Los Angeles Lakers v Los Angeles Clippers

Clippers got better this summer, yet in L.A. it’s same old story (all Lakers)

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The Clippers are a legitimately good team.

They went 40-26 last season, one game back of the Pacific Division winning Los Angeles Lakers. Then this summer they went out and added Lamar Odom, Grant Hill and Jamal Crawford. They have the best point guard in the game in Chris Paul — a guy you can argue even today is the single best player in Los Angeles. They have a dynamic and athletic front line with Blake Griffin and DeAndre Jordan. They are fun to watch and may well be the third best team in the Western Conference right now.

And in Los Angeles, it’s like they barely exist.

Same as it ever was. Same as it ever was.

Ever since the Lakers moves to trade for Steve Nash and Dwight Howard, the Clippers have felt invisible in Los Angeles (where I am from). You don’t read much about them in the sports pages, you don’t hear about them on sports talk radio, they don’t get much play anywhere. The Clippers may have turned a corner, they are a quality playoff team, but the dynamic in Los Angeles now with the Clippers has not changed. The only time they get mentioned is when we are reminded the Lakers are still better.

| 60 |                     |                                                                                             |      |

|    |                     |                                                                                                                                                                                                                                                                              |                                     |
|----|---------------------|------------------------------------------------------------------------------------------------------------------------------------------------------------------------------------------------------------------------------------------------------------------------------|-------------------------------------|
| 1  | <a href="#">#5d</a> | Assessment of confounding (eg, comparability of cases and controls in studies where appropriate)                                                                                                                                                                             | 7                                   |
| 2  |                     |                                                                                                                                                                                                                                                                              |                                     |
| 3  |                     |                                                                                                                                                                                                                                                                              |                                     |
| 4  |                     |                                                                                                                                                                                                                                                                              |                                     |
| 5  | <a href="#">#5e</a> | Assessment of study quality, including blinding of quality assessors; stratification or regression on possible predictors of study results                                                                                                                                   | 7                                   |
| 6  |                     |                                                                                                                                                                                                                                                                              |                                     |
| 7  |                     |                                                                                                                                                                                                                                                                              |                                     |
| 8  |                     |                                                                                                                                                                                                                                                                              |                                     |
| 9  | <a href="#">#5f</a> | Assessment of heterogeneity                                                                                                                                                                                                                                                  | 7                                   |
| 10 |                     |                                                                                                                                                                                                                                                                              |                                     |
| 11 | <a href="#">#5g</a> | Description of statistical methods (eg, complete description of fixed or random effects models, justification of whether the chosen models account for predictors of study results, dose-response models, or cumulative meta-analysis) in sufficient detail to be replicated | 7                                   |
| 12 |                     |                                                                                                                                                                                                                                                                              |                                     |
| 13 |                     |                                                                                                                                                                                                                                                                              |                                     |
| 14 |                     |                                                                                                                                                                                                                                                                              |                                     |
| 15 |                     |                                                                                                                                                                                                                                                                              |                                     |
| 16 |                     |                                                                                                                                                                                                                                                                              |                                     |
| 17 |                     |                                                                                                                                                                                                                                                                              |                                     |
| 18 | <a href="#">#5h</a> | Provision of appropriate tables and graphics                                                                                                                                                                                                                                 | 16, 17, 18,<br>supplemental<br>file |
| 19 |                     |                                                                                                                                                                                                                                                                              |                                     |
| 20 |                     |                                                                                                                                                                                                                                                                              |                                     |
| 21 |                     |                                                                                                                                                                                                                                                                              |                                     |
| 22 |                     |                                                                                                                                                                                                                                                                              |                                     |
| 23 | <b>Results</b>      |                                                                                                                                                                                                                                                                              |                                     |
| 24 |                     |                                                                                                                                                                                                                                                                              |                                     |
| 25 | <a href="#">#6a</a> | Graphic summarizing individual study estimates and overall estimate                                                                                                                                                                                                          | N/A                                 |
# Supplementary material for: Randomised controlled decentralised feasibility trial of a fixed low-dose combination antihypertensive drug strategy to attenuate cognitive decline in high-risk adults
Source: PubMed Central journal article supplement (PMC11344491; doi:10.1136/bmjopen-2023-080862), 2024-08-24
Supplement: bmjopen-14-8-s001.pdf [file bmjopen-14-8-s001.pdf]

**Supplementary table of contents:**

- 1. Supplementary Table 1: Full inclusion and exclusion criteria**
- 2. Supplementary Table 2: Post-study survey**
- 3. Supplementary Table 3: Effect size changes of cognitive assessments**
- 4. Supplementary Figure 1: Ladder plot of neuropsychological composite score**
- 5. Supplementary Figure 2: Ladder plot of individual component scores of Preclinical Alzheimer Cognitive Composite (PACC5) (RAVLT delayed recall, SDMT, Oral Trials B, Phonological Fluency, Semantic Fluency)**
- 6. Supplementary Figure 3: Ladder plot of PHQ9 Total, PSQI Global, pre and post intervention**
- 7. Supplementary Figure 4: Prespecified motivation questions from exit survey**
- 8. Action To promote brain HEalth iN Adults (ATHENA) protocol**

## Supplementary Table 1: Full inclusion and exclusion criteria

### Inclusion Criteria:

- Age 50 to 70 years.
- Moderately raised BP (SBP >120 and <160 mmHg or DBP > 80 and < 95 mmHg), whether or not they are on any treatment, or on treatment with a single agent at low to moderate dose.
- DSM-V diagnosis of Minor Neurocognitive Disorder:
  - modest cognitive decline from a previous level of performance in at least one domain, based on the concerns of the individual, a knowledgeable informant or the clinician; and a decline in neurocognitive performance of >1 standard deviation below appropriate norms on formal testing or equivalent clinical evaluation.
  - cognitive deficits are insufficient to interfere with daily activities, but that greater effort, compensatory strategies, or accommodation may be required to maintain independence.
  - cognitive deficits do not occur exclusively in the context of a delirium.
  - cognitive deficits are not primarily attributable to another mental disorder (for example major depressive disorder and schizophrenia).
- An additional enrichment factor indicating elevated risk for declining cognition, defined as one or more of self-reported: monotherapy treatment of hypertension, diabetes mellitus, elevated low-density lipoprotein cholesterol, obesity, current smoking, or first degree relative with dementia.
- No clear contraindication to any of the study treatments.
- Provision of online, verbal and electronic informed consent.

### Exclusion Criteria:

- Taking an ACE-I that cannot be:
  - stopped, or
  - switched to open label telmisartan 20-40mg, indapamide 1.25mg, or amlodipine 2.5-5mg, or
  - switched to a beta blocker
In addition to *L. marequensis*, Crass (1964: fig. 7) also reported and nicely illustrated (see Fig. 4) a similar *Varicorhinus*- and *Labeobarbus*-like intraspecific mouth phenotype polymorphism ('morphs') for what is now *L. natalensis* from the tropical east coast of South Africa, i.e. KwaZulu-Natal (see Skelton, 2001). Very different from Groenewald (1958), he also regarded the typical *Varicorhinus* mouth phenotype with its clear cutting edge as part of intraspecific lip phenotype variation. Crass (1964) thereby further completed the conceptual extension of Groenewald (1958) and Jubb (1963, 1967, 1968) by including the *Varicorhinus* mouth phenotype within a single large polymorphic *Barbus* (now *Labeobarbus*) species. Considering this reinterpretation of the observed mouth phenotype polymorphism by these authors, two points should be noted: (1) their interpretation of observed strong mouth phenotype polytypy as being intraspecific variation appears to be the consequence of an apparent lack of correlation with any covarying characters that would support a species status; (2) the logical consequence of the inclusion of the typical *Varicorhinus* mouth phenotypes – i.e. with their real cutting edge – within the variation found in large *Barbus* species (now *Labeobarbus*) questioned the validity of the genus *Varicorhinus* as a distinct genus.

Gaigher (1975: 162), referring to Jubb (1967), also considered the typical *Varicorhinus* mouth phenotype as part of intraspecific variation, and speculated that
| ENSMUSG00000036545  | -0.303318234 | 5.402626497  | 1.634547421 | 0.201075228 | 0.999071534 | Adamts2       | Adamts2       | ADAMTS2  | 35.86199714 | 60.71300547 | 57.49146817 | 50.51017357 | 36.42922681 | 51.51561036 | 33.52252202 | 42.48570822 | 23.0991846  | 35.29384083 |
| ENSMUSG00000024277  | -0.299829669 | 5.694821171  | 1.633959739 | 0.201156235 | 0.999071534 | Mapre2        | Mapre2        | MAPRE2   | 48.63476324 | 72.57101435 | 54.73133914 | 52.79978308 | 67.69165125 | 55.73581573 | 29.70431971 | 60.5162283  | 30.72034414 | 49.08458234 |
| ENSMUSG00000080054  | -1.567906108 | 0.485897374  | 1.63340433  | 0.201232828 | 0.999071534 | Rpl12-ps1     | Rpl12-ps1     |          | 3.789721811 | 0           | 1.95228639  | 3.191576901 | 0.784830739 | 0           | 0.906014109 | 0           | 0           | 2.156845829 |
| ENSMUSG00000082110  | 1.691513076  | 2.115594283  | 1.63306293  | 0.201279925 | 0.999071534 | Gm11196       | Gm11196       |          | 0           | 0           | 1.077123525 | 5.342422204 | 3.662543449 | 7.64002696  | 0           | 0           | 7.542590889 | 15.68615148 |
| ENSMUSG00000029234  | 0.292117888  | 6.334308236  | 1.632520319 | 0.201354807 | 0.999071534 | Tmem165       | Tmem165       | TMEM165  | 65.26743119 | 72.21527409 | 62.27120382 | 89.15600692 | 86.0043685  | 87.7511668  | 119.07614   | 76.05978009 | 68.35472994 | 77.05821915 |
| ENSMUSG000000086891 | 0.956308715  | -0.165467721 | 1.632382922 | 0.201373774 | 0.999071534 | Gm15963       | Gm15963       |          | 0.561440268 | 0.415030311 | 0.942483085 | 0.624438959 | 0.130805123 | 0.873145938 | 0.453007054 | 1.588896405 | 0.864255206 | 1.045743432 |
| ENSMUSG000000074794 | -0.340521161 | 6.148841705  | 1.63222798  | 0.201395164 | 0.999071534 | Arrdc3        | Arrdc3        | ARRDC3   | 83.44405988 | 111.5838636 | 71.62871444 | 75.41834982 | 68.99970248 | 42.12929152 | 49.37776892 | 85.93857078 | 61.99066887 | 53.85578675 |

Los Angeles is a Lakers town. The NFL moved on from Los Angeles a generation ago (and kind of lost said generation to the X-Games sports). The Los Angeles Dodgers couldn’t seem to get on track, going from an owner where you didn’t think things could get worse — FOX — to an owner who actually was worse. (The new ownership group is working to change all of that.)

Through it all, the Lakers kept on winning. They did it with Shaq and Kobe Bryant. Shaq went away and they eventually did it with Pau Gasol. You can trace a lineage of winning back to George Mikan. The Lakers maintained a standard of excellence that no NBA team has matched over the past couple decades.